According To CDC Scientists, This Flesh-Eating Parasite Is A Problem In The United States And Looks To Be Widespread In Texas

According To Centers for Disease Control and Prevention (CDC) Scientists, This Flesh-Eating Parasite Is A Problem In The United States And Looks To Be Widespread In Texas | The Lifesciences Magazine

Leishmania mexicana, a flesh-eating parasite once believed to be mostly a threat to travellers, is now likely spreading locally through some sand flies endemic to the southern United States, according to a recent investigation by the Centers for Disease Control and Prevention. 

Leishmania mexicana skin sores generally appear weeks to months after a person is bitten by an infected fly. The parasite can cause damage for years at a time, leaving behind permanent scarring in its wake.

Hospitals have a few alternatives for medications to employ in treating patients with cutaneous leishmaniasis, the parasite-caused disease; nevertheless, physicians agree that there is “low certainty” about these medications’ efficacy. Many individuals still run the danger of their leishmaniasis returning even after their initial response to treatment.

There is no vaccination for leishmaniasis.

Officials believe the discovery has immediately raised awareness of the parasite, which now seems to be “endemic” in Texas and certain southern border states.

According to Dr. Mary Kamb of the CDC’s Division of Parasitic Diseases and Malaria, “This genetic information adds credence to this idea that leishmaniasis is occurring here in the United States, that it’s endemic here in the United States, at least in Texas and possibly southern border states.”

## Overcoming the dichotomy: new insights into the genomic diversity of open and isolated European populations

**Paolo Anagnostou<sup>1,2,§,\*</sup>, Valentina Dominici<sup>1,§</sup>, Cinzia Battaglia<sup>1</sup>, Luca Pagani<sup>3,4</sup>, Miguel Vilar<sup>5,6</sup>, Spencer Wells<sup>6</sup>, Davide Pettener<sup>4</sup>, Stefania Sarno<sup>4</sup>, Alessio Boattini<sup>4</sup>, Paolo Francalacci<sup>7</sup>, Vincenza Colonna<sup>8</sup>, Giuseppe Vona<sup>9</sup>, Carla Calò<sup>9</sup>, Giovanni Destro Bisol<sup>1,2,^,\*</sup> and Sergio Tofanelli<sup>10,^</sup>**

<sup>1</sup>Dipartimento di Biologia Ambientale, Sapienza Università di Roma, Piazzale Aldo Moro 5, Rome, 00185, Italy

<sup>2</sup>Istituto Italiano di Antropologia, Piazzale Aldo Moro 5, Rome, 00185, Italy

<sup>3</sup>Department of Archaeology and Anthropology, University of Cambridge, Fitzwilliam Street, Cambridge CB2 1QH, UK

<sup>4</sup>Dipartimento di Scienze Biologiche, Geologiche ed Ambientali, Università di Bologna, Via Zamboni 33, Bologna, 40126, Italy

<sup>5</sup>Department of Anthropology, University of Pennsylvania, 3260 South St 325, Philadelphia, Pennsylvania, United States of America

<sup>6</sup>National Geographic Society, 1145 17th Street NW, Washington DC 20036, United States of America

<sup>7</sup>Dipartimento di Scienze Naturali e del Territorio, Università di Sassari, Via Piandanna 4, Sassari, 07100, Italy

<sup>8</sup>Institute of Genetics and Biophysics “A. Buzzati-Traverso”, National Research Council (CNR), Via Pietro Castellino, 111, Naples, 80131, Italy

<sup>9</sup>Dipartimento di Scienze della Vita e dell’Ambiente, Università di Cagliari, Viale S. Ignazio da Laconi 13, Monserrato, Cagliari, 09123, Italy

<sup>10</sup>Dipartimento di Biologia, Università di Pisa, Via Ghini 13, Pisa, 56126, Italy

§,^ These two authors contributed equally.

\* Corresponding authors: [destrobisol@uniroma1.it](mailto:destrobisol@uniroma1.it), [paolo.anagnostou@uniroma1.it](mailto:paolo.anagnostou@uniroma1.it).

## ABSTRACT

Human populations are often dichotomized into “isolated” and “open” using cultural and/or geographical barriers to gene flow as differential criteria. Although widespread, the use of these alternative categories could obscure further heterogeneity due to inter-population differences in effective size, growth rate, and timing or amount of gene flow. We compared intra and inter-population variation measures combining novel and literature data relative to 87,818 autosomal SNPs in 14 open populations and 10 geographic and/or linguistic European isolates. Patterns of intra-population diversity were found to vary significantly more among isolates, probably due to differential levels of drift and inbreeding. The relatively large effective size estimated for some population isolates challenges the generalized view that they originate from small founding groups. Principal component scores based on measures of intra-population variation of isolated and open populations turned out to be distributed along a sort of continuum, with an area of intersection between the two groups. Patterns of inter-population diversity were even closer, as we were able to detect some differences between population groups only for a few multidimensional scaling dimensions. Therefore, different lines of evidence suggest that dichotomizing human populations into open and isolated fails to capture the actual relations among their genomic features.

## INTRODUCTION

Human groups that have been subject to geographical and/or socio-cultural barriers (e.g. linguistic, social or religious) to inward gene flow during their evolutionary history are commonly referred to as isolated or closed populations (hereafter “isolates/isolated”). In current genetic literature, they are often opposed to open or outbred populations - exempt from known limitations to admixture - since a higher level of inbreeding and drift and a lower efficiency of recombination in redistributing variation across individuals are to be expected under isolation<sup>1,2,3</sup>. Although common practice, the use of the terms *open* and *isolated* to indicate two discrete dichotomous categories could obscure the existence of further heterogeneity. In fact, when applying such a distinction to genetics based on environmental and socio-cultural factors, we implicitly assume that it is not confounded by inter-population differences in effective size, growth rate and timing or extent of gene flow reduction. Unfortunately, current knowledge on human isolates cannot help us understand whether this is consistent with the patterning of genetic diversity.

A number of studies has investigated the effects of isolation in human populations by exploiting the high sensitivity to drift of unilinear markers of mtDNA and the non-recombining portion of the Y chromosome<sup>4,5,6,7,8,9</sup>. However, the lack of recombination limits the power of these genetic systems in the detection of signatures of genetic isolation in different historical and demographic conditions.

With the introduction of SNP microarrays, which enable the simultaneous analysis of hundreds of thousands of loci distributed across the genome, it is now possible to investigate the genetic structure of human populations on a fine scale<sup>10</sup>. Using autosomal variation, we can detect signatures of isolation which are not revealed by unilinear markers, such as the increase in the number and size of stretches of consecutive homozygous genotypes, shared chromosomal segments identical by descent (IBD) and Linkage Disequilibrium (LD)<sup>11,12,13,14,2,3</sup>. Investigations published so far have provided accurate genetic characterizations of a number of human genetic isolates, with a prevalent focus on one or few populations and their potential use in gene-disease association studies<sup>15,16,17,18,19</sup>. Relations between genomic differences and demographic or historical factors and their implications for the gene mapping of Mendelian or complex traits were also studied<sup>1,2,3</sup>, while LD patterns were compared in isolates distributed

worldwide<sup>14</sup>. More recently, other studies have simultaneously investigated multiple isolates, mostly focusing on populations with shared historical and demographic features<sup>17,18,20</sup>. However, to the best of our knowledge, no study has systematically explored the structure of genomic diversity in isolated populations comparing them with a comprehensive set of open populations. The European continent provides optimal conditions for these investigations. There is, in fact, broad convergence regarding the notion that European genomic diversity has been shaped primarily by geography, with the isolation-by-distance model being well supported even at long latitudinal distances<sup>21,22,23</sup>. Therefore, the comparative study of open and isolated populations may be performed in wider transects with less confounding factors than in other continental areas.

The brand-new research was co-authored by Kamb and presented on Thursday in an abstract at the American Society of Tropical Medicine and Hygiene’s annual meeting. 

DNA signature that is “very distinct”

Doctors generally get samples by performing biopsies on patients’ infected lesions in order to diagnose them.

They are frequently sent to the Centers for Disease Control and Prevention (CDC), which up until the year 2020 operated the sole lab outside of the military that could conduct these parasite tests.

“We submitted these statistics for each case that we received. Marcos de Almeida, who oversaw the Centers for Disease Control and Prevention (CDC) lab at the time, said: “And after those years, you’re just pulling those results together to do this report, on cases collected during 2005 to 2019.” 

According to the CDC’s review, Leishmania Mexicana infected the majority of leishmaniasis patients who had no prior history of travel.

50 of these patients had a strain of the parasite that was unique among them due to a small number of genetic differences. 

“Those two snips, those two polymorphisms in the sequence, are very distinct between those who reported travel history compared to those who did not,” said Vitaliano Cama, a microbiologist and veterinarian with the Centers for Disease Control and Prevention (CDC) who also collaborated on the study.

According to Cama, at least one case with this genetic fingerprint is documented every year. 

How parasitic leishmania species spread

The fight against so-called “vector-borne” illnesses like leishmaniasis frequently focuses on eliminating the insects that spread the parasites between people as well as managing the risk posed by other animals like rats that can also act as a “reservoir.”